Near the top of Irwin’s memories of Joker is a scene which became a memorable example of those opportunities; it shows an interpretive dance following violence on a subway train. “Joaquin knew he was going to do a dance – we had the musical score and Todd had our sound guys put in a speaker to play the very creepy music. Joaquin was going to react to that in real time. I'm sitting next to Larry in the DIT tent watching the monitor. We were shooting at a 1.2, a 1.0. I could see it on the monitor, it's cranked up, so it's not crushed like the movie looks, as we're going through this strange dance sequence and Geoff is counter-moving with Joaquin in real time.”
Working as One
The practically symbiotic relationship between operator and focus puller had never been more evident. “There was a moment where I saw his hand extending,” Irwin recalls. “I started racking focus very calmly - I'm not looking at the numbers, I don't know, I don't care... it's just eye focus. I remember going for his hand going out, and when Geoff saw the focus going to the hand, we spent a beat on the hand and started going back to his face, and it was very poetic. That's how we shot the whole movie. If I had to do that standing next to the camera it would have been a nightmare. We were able to create on the fly.”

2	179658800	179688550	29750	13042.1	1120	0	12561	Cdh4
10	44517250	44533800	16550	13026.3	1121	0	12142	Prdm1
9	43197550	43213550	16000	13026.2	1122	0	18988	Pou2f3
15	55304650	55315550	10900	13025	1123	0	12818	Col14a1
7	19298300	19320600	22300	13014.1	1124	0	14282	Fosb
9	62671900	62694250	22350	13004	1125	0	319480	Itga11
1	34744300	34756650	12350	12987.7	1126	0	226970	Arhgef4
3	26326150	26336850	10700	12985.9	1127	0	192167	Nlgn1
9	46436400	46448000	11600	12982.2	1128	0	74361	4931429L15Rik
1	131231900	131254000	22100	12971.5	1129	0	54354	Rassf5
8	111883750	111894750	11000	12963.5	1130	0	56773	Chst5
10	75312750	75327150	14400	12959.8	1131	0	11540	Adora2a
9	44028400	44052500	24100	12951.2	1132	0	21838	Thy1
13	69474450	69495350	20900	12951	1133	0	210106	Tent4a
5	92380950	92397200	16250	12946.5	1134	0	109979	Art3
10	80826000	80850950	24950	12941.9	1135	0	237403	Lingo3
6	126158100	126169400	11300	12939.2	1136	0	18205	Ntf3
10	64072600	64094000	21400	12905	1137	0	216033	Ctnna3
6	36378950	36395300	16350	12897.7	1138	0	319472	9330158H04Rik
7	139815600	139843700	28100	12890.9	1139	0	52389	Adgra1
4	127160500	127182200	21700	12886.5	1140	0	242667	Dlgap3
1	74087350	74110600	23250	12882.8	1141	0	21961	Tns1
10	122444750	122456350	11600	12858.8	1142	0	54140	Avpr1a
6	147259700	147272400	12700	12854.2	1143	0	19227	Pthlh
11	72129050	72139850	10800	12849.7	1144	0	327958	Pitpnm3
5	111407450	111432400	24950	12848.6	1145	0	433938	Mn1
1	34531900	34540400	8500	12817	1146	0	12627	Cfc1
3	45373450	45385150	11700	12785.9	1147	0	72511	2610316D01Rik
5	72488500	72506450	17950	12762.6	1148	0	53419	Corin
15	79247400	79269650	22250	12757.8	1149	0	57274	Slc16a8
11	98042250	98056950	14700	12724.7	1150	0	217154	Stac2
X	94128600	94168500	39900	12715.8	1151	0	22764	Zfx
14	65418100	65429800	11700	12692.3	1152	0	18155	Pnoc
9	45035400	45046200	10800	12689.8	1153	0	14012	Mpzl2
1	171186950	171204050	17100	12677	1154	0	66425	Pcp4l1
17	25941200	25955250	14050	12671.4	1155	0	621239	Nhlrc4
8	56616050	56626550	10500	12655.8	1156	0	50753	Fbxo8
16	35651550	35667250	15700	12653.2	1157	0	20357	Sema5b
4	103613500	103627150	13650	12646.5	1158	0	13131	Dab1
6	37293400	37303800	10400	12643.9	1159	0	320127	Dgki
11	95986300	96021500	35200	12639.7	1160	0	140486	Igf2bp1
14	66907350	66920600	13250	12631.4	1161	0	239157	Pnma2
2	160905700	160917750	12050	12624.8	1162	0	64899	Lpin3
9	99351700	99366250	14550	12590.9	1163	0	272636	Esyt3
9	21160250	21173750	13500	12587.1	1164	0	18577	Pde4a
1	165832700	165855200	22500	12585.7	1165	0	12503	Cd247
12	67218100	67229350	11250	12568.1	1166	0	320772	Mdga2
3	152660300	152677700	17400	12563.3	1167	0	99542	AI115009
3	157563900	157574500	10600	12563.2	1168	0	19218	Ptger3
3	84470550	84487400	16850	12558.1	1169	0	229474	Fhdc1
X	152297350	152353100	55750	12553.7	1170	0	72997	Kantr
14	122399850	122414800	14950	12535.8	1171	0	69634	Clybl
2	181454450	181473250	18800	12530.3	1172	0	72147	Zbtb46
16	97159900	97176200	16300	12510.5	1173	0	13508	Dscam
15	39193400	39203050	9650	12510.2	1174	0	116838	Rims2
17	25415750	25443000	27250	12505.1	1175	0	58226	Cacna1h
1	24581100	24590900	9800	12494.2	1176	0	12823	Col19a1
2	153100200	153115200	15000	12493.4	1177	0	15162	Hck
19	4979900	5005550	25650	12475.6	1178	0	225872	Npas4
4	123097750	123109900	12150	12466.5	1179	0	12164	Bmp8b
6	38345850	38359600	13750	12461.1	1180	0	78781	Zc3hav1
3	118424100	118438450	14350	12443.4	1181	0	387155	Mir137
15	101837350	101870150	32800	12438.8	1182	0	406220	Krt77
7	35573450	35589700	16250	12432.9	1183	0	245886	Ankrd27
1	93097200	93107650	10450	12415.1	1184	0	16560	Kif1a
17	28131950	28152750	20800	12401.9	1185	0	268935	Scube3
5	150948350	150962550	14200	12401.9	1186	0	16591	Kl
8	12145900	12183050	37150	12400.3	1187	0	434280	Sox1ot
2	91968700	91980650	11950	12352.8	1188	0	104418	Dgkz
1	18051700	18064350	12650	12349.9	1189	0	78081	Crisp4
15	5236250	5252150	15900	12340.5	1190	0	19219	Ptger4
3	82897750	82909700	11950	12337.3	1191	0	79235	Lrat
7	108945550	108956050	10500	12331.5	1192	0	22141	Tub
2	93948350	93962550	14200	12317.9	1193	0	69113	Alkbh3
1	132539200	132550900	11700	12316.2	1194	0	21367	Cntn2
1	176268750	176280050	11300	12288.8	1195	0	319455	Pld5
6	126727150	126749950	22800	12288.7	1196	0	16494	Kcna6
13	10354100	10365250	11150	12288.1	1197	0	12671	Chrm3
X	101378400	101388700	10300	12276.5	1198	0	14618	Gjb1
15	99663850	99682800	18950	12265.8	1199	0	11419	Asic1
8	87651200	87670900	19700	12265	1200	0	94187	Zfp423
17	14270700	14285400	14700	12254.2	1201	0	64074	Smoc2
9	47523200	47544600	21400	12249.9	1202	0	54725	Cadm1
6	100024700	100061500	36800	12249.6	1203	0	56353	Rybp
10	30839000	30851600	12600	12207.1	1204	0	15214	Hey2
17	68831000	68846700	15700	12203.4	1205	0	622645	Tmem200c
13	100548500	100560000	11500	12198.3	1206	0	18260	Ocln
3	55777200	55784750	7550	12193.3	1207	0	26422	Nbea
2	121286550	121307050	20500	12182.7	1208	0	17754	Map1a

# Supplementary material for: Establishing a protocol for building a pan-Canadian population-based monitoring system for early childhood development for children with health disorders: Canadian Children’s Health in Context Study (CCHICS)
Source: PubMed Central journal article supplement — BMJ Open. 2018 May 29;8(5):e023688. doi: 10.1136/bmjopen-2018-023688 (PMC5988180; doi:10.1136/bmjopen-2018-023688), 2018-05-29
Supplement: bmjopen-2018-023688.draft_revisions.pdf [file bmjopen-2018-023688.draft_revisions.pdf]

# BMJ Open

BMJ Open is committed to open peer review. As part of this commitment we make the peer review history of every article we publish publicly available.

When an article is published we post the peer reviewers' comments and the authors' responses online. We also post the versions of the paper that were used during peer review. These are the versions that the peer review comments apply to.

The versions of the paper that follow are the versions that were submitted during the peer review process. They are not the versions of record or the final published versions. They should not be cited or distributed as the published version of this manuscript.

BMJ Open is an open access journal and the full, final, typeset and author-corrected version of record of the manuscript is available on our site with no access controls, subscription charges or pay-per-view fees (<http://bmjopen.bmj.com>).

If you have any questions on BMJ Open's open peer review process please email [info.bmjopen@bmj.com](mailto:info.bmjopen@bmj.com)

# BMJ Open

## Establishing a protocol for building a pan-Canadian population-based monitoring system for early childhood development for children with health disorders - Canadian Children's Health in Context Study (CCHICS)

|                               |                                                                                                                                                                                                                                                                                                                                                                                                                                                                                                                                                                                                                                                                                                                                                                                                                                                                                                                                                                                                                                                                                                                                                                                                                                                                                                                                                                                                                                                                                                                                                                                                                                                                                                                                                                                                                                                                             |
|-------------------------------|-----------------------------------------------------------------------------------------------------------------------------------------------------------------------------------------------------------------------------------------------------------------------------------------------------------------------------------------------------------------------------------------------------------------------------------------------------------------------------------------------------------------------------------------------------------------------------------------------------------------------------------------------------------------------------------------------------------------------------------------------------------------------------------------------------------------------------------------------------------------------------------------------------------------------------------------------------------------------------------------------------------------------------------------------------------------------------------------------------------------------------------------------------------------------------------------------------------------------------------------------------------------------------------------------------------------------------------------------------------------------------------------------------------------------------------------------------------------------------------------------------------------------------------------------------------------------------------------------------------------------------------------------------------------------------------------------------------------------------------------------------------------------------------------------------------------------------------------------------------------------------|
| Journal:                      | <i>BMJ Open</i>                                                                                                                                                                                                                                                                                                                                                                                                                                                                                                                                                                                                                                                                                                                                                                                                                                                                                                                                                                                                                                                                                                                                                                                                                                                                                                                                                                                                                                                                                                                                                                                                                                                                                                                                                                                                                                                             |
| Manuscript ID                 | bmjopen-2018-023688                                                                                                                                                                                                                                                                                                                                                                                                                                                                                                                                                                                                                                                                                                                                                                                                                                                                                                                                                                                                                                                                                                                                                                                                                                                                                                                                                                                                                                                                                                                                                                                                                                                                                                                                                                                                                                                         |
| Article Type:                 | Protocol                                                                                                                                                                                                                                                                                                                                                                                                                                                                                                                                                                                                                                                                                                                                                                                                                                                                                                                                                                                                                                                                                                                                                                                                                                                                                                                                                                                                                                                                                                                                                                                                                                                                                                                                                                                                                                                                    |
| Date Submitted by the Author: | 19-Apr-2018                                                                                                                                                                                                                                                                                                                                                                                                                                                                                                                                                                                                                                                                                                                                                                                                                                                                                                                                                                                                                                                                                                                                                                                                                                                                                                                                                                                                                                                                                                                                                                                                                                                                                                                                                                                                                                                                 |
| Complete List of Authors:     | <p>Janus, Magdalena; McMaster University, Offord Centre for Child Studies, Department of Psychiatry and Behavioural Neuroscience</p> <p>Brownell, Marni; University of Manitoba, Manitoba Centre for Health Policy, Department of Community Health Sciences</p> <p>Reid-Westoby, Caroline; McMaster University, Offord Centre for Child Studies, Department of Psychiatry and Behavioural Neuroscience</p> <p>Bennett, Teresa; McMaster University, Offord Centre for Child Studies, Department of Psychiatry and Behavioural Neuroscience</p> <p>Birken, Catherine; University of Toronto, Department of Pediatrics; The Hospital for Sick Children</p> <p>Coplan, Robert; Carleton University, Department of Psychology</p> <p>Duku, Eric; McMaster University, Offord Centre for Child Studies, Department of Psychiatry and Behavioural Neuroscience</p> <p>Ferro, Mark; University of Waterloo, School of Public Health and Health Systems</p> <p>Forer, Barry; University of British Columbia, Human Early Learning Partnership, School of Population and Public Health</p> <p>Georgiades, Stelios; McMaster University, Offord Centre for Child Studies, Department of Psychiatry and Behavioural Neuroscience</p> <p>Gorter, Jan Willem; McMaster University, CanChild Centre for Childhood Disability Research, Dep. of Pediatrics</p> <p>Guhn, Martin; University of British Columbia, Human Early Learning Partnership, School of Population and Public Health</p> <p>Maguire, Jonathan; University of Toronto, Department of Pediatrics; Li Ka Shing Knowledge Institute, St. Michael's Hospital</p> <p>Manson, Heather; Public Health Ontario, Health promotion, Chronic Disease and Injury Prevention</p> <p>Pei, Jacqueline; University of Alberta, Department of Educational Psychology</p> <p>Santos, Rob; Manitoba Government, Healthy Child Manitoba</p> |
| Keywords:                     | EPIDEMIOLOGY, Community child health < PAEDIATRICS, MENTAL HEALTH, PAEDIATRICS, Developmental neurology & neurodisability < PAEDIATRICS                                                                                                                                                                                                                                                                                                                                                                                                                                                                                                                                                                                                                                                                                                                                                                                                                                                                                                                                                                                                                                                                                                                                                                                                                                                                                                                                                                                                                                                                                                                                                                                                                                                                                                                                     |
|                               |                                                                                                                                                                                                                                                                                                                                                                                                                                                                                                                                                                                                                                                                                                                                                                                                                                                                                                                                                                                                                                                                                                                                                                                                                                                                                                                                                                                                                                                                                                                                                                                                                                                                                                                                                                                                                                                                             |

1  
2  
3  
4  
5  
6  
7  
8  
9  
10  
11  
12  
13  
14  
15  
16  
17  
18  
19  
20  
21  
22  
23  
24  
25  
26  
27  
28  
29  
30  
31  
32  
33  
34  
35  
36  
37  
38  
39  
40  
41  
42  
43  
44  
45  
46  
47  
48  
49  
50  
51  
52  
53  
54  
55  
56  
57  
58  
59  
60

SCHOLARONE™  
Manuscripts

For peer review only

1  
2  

Irwin spoke to Broadcast Bridge from his home in Atlanta while on quarantine hiatus from a television production – his first non-feature work in decades, and a concomitant of the growing scale of television in the age of video on demand. He finishes with a few words of advice for anyone who might break out in a cold sweat at the thought of focus pulling for Alexa 65 at f/1.0. “Stay calm, keep a clear mind, keep a light touch on the knob. Watch the story, and enjoy.”
You might also like...
We move on to looking at developments in noise cancelling technology and the role it can play in achieving clarity and comfort within headsets for intercom use.
The term “paperless office” goes back at least to 1978. The parallel term “filmless movie” is actually far older, dating perhaps from a 1930 article by the Hungarian inventor Dénes Mihály in the West Australian, published in Perth on 9 April 1930. Given how…
In the beginning, there was television. And whenever people tried to make television programmes effective video signal monitoring was an essential pre-requisite.
Synchronizing became extremely important with the growth of AC power systems, which ended up being used to synchronize all sorts of equipment, from Radar to television.
Core to any successful television production is the effective application of clear and precise communications. Camera operators, sound assistants, playout, slow-mo operators, and floor managers all need to hear direction from the production teams. Without comms, the production would soon…